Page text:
Twickenham Rugby Ground. The small South Stand has been demolished and the construction of a replacement stand the same height as the other three stands began in 2005.

In the early 20th century the United Kingdom had some of the largest sports facilities in the world, but the level of comfort and amenities they offered would be considered totally unacceptable by modern standards. After a long period of decline relative to other developed countries British facilities have made a relative improvement since the 1980s, and this is ongoing.

National stadia

Most of the best stadia in the United Kingdom were built for national teams, and are not used at club level:

Windsor Park ni stadium

Club football grounds

British football grounds are almost always football-only facilities in which the spectators are close to the action. Since the late 1980s there has been a dramatic spurt of reconstruction and replacement of league grounds, which is ongoing, and the Premiership's facilities are among the best of any sports league. As of early 2007 there are approximately 35 all-seater club grounds in England with a capacity of 25,000 or more, and three in Scotland. The largest is Manchester United's Old Trafford, which has a capacity of over 76,000.

Cricket grounds

English cricket grounds are smaller than the largest in some other countries, especially India and Australia, but the best of them have been modernised to a high standard, and two new international grounds have been built in recent years. The largest English cricket ground, Lord's in London, is internationally regarded as the "home of cricket".

Club rugby grounds

Rugby union and rugby league clubs are generally poorer than their football counterparts. Some clubs have good all seater grounds in the 10,000-25,000 capacity range; some have older grounds which are still partly terraced, and others play in council-owned joint-use stadia (eg. the KC Stadium). Some clubs (mostly rugby union ones) rent stadia from football clubs.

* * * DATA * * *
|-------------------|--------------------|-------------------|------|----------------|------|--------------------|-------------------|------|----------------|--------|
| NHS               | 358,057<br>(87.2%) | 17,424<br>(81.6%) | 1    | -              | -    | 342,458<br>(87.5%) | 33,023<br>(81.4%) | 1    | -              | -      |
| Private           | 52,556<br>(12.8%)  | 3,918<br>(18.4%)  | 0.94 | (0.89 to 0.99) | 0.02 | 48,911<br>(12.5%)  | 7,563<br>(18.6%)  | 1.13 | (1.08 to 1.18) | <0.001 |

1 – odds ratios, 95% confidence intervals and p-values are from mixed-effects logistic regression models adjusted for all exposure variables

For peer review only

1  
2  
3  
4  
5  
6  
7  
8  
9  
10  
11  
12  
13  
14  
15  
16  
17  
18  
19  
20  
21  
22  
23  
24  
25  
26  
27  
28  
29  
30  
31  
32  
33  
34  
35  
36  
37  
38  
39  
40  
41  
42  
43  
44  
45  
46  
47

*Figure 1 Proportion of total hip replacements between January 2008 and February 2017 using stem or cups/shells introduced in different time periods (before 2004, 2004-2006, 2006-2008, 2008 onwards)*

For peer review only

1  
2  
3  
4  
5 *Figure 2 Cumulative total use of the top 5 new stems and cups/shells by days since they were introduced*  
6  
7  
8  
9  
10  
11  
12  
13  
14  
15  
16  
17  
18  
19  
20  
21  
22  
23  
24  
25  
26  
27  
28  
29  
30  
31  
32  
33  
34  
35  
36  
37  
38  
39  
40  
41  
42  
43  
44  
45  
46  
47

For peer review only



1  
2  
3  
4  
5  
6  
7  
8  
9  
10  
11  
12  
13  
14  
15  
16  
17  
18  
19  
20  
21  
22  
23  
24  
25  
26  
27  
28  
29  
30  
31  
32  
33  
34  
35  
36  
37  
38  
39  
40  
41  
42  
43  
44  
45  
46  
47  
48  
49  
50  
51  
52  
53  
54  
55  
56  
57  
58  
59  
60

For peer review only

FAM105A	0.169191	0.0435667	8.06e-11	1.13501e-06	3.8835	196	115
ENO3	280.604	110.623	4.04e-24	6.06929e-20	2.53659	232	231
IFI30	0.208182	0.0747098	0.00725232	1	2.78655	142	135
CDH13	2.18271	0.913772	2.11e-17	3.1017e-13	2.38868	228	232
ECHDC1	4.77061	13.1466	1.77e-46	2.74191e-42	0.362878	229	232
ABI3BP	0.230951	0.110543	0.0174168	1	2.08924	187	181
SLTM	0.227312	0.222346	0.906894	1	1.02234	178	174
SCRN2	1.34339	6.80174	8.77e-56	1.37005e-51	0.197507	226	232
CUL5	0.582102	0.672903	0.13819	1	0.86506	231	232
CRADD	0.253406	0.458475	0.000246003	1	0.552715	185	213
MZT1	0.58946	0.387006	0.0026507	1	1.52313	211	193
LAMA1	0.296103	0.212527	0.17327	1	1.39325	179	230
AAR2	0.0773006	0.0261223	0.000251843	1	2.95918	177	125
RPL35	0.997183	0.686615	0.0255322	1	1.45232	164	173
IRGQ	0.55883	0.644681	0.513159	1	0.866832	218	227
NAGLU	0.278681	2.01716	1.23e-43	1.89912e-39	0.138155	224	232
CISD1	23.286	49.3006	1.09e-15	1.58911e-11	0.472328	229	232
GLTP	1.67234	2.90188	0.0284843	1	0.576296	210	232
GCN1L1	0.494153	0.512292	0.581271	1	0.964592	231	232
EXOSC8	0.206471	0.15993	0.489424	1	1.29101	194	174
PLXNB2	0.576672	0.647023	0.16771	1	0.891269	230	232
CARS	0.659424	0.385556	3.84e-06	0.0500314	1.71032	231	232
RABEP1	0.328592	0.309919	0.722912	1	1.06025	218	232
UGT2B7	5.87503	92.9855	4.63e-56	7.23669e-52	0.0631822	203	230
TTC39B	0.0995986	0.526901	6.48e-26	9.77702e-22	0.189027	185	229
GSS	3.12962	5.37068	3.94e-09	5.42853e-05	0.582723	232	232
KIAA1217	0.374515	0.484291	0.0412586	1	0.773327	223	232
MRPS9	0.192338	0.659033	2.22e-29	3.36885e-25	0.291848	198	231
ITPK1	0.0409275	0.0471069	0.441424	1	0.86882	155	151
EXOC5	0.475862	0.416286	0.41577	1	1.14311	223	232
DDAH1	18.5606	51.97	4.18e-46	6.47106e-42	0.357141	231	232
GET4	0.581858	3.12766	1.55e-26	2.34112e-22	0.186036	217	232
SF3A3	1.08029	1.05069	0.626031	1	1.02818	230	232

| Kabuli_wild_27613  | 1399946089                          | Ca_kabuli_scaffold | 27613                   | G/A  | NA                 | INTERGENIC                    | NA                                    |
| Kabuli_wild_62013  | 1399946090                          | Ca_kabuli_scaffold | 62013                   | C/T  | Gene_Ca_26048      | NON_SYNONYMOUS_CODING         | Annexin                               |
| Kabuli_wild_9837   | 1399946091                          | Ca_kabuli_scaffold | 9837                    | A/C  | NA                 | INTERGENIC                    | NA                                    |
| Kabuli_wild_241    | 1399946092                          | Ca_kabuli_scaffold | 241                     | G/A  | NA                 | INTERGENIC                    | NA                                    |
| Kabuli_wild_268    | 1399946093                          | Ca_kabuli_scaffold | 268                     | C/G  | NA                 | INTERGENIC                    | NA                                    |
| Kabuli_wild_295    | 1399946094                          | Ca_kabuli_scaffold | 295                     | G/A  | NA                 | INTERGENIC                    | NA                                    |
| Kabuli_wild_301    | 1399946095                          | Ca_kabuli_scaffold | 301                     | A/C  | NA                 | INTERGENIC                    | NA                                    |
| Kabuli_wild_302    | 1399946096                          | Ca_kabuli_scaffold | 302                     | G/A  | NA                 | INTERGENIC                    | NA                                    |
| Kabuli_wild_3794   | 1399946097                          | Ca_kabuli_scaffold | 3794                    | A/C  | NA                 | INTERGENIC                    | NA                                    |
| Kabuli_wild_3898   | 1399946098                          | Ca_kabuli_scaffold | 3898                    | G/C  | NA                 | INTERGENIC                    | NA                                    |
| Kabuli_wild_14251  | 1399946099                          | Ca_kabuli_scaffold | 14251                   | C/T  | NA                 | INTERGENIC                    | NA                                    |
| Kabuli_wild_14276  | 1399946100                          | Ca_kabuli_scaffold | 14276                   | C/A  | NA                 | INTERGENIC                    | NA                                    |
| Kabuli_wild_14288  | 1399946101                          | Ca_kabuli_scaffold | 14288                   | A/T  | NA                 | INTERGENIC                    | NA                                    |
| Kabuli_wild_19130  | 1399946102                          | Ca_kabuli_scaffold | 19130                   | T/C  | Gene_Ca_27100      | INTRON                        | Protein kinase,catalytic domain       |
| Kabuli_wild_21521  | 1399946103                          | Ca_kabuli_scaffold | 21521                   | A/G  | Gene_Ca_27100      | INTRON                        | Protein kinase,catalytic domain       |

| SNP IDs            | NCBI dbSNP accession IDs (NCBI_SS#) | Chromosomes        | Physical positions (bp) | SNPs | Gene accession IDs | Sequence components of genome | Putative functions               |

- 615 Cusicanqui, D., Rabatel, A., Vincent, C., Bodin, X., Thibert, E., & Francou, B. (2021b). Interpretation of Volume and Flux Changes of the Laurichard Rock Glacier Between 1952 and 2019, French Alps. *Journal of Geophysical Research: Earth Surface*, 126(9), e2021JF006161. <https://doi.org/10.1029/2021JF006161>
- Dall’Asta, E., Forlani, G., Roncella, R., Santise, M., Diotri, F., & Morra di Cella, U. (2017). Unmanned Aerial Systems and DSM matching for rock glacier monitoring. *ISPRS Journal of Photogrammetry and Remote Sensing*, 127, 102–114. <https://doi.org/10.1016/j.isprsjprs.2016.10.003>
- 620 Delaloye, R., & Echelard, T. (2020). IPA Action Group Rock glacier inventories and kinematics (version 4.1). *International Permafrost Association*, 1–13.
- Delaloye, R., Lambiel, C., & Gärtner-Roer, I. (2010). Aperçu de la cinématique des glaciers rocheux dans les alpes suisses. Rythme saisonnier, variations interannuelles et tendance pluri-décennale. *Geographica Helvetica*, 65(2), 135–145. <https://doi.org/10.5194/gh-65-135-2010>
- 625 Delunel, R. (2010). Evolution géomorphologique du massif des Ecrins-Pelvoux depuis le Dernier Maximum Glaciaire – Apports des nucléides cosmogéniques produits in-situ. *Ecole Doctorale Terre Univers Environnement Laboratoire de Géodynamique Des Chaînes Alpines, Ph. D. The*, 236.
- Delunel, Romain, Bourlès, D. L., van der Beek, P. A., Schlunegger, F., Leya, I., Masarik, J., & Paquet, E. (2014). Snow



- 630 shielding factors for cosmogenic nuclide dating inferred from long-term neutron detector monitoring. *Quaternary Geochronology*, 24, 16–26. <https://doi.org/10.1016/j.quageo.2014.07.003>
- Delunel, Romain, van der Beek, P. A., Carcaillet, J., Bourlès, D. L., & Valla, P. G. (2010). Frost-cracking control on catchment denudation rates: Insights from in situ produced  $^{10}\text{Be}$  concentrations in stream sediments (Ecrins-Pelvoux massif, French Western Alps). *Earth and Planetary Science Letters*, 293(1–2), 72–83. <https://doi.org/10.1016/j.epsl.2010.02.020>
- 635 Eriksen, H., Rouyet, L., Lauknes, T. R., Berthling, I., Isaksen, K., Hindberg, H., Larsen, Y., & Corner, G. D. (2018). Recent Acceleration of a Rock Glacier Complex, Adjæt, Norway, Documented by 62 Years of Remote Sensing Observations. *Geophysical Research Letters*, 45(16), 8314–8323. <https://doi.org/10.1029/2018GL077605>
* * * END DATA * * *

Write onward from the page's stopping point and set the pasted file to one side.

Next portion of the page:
Golf courses

The United Kingdom has many world class golf courses which can accommodate crowds in the tens of thousands for tournaments. The greatest concentration of these is in Scotland. The Open Championship is always played over a links course, the most famous venue being the Old Course at St Andrews on the east coast of Scotland. The Belfry in the English Midlands has hosted the Ryder Cup more times than any other site. Wentworth Club near London is the only venue which hosts two European Tour events each season.

Athletics stadiums

The provision of athletics stadiums in the United Kingdom is very poor compared to most other developed countries. The main reason for this is that it is not considered acceptable to ask football or rugby fans to sit behind an athletics track. This means that athletics stadiums have to be separately financed and this can only be done with public funds, which have not been forthcoming on a large scale. The largest athletics stadium built in the UK since the Second World War, the 38,000-capacity City of Manchester Stadium built for the 2002 Commonwealth Games, was reconfigured for football-only use after that event. The largest existing stadium is the 25,000 seat Don Valley Stadium in Sheffield. London's largest athletics venue is Crystal Palace, which has just 15,500 permanent seats. It will be superseded by the Olympic Stadium, which will be built as an 80,000 seater for the 2012 Summer Olympics, but will be reduced to 25,000 seats after the Games.

Race courses

There are 60 racecourses in Britain. The best of them are world class. For example Ascot Racecourse was redeveloped in 2005 and 2006 at a cost of £185 million.

Velodromes

There are several outdoor velodromes for track cycle racing in the UK with Herne Hill in London being the only venue from the 1948 Olympics still in operation. There are also 2 indoor velodromes including one in Newport and a 3,500 seater velodrome in Manchester that also serves as the headquarters of British Cycling.

Two more indoor velodromes are planned: A 6,000 seater arena as part of the 2012 Summer Olympics in London and a 2,500 seater venue as part of the 2014 Commonwealth Games in Glasgow.

Indoor arenas